The Egyptian Artists of the Hellenistic period existed not simply to provide artistic entertainment, but to support the regime and the dynastic cult. They differ from other groups of Artists in the Hellenistic period not because they gravitate toward political power, but because in Egypt this was probably their only role. Dionysus was important for royal propaganda because he could be presented the triumphant god who had presided over Alexander’s victories (cf. the place of the role of Sehel island near Aswan, known as the “Island of Dionysus” as a cult centre for the Egyptian “basilistai” in the 2nd century BC).
Additionally, in the Ptolemaic world view Dionysus could be claimed as the Greek version of an original Egyptian Osiris. In the narrative of Diodorus of Sicily (1.17-22) - which probably goes back to the Ptolemaic propagandist Hecataeus of Abdera (late 4th century BC), and now seems to have parallels in contemporary Egyptian texts - Osiris is a world-conquering culture hero, who prefigures Alexander. It is striking that in his narrative Diodorus (1.18.4) specifically associates Osiris with music (the satyrs, Apollo and the Muses), a detail which seems to be at variance with the divine personality of the Egyptian Osiris as usually understood, but which provides an Egyptian precedent for Dionysus’ association with theatre and performance. Seen against that background, the Ptolemies were not so much importing Dionysus and his Artists as bringing them home.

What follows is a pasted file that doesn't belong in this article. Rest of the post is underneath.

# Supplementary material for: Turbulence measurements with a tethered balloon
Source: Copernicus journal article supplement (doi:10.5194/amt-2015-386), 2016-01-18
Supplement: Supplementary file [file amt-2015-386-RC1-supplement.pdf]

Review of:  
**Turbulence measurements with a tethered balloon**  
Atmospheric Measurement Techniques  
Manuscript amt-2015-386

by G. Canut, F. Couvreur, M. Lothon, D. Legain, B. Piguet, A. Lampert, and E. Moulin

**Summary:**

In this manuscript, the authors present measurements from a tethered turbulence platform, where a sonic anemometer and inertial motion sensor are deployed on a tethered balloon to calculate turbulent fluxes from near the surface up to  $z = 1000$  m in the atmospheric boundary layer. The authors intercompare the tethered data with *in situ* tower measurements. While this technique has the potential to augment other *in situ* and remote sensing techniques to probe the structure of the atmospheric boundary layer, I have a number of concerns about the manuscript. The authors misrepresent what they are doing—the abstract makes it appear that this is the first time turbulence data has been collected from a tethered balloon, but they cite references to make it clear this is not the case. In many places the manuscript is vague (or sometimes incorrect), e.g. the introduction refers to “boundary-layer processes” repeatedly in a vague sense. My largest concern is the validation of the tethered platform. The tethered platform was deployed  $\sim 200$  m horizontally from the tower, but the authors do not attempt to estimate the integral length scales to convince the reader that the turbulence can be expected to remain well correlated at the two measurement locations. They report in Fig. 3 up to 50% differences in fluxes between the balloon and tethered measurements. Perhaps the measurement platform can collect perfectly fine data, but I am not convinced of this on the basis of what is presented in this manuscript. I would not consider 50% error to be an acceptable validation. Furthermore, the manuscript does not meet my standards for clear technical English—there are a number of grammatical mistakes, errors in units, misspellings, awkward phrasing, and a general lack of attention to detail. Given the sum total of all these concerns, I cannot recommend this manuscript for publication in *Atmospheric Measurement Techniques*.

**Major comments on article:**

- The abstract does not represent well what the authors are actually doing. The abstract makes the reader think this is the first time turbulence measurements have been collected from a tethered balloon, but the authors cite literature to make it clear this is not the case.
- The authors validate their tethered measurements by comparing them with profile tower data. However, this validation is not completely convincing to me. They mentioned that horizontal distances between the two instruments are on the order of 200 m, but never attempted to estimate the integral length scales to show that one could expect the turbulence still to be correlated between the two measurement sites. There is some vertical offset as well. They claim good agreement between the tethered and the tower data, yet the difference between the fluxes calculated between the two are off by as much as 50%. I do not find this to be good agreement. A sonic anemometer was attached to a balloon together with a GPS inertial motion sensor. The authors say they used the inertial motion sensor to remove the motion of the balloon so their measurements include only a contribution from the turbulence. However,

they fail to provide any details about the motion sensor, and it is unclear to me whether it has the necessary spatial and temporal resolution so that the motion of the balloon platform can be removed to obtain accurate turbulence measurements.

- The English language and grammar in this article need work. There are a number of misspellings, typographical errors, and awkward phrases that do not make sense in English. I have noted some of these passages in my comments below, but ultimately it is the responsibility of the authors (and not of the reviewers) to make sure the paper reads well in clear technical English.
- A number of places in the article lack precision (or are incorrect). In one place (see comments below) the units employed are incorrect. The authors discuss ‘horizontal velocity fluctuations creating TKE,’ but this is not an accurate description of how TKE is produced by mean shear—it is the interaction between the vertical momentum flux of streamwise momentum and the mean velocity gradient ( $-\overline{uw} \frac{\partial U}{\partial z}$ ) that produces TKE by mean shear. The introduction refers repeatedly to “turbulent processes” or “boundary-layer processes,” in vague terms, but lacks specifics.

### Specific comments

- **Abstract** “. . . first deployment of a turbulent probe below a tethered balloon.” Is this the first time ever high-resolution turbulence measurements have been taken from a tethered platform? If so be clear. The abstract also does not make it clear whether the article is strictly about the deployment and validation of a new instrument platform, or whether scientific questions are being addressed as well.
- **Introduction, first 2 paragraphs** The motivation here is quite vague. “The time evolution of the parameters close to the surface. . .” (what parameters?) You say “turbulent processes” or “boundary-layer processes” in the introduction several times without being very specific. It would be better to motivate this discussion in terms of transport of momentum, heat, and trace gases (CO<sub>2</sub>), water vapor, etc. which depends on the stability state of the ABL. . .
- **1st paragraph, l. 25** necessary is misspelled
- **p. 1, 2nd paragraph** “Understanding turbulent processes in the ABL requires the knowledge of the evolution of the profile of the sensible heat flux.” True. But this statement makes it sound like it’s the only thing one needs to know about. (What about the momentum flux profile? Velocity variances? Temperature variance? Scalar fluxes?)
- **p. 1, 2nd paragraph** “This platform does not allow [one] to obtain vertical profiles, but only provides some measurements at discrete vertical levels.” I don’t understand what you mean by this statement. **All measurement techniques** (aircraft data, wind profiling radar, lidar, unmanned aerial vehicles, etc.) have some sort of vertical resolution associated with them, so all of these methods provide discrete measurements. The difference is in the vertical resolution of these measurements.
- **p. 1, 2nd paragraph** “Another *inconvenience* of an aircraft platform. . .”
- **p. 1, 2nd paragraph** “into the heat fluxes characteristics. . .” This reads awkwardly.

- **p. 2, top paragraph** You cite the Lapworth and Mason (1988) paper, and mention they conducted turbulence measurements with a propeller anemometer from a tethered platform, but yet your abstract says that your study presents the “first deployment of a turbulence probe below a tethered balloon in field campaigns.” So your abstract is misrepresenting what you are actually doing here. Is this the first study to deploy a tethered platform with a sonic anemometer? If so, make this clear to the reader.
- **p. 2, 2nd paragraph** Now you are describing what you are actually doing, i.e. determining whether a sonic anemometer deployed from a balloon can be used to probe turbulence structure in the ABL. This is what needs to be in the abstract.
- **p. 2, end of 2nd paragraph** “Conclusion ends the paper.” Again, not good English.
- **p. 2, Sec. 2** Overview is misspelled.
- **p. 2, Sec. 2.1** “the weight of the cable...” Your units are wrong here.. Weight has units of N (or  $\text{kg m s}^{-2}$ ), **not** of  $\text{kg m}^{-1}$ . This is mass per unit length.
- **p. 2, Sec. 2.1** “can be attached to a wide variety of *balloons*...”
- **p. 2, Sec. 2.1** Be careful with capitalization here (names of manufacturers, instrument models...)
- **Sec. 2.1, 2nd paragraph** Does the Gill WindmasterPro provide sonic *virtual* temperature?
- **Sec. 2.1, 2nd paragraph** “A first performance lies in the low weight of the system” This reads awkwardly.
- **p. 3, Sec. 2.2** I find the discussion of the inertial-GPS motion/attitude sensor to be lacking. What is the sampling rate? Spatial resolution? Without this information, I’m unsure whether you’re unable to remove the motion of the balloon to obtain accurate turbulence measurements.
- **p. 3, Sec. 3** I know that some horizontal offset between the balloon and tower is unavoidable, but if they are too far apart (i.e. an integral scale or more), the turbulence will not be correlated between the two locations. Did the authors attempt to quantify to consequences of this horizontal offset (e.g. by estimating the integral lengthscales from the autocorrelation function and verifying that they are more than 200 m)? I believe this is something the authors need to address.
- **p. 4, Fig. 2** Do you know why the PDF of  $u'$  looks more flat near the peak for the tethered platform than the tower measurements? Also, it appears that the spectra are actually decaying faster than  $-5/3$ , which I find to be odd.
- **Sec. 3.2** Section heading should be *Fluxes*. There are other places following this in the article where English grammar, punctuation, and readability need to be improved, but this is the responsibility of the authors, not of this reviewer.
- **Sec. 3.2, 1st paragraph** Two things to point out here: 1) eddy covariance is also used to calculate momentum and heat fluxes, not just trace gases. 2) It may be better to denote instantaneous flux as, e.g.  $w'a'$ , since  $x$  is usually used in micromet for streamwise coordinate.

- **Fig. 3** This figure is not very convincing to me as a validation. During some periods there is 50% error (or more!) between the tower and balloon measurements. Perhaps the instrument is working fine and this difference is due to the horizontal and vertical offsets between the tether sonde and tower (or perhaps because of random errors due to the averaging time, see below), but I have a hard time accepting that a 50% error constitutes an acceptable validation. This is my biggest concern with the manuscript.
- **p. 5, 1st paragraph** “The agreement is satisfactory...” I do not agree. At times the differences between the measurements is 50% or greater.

Satyrs amongst the kings
While tragedy, comedy, and the acting profession after the Classical period increasingly attract scholarly attention, the fate of the decidedly choral satyrplay in later periods is largely overlooked. Allegedly, satyrplay was spent even before the end of the Athenian democracy: in 438 BC Euripides staged the “prosatyric” Alcestis, and by the mid-fourth century BC it was no longer part of the tragic didaskalia. Yet plenty of evidence attests to the performance and popularity of new satyrplay in the centuries that followed. How are we to make sense of choruses of men in satyr-shorts outside of Classical Athens and apart from tragedy? In this paper I will lay out the evidence for the continued performance of satyrplay and will argue that satyric choruses enjoyed new relevance in the dramatic programmes of the Hellenistic kings and Romans.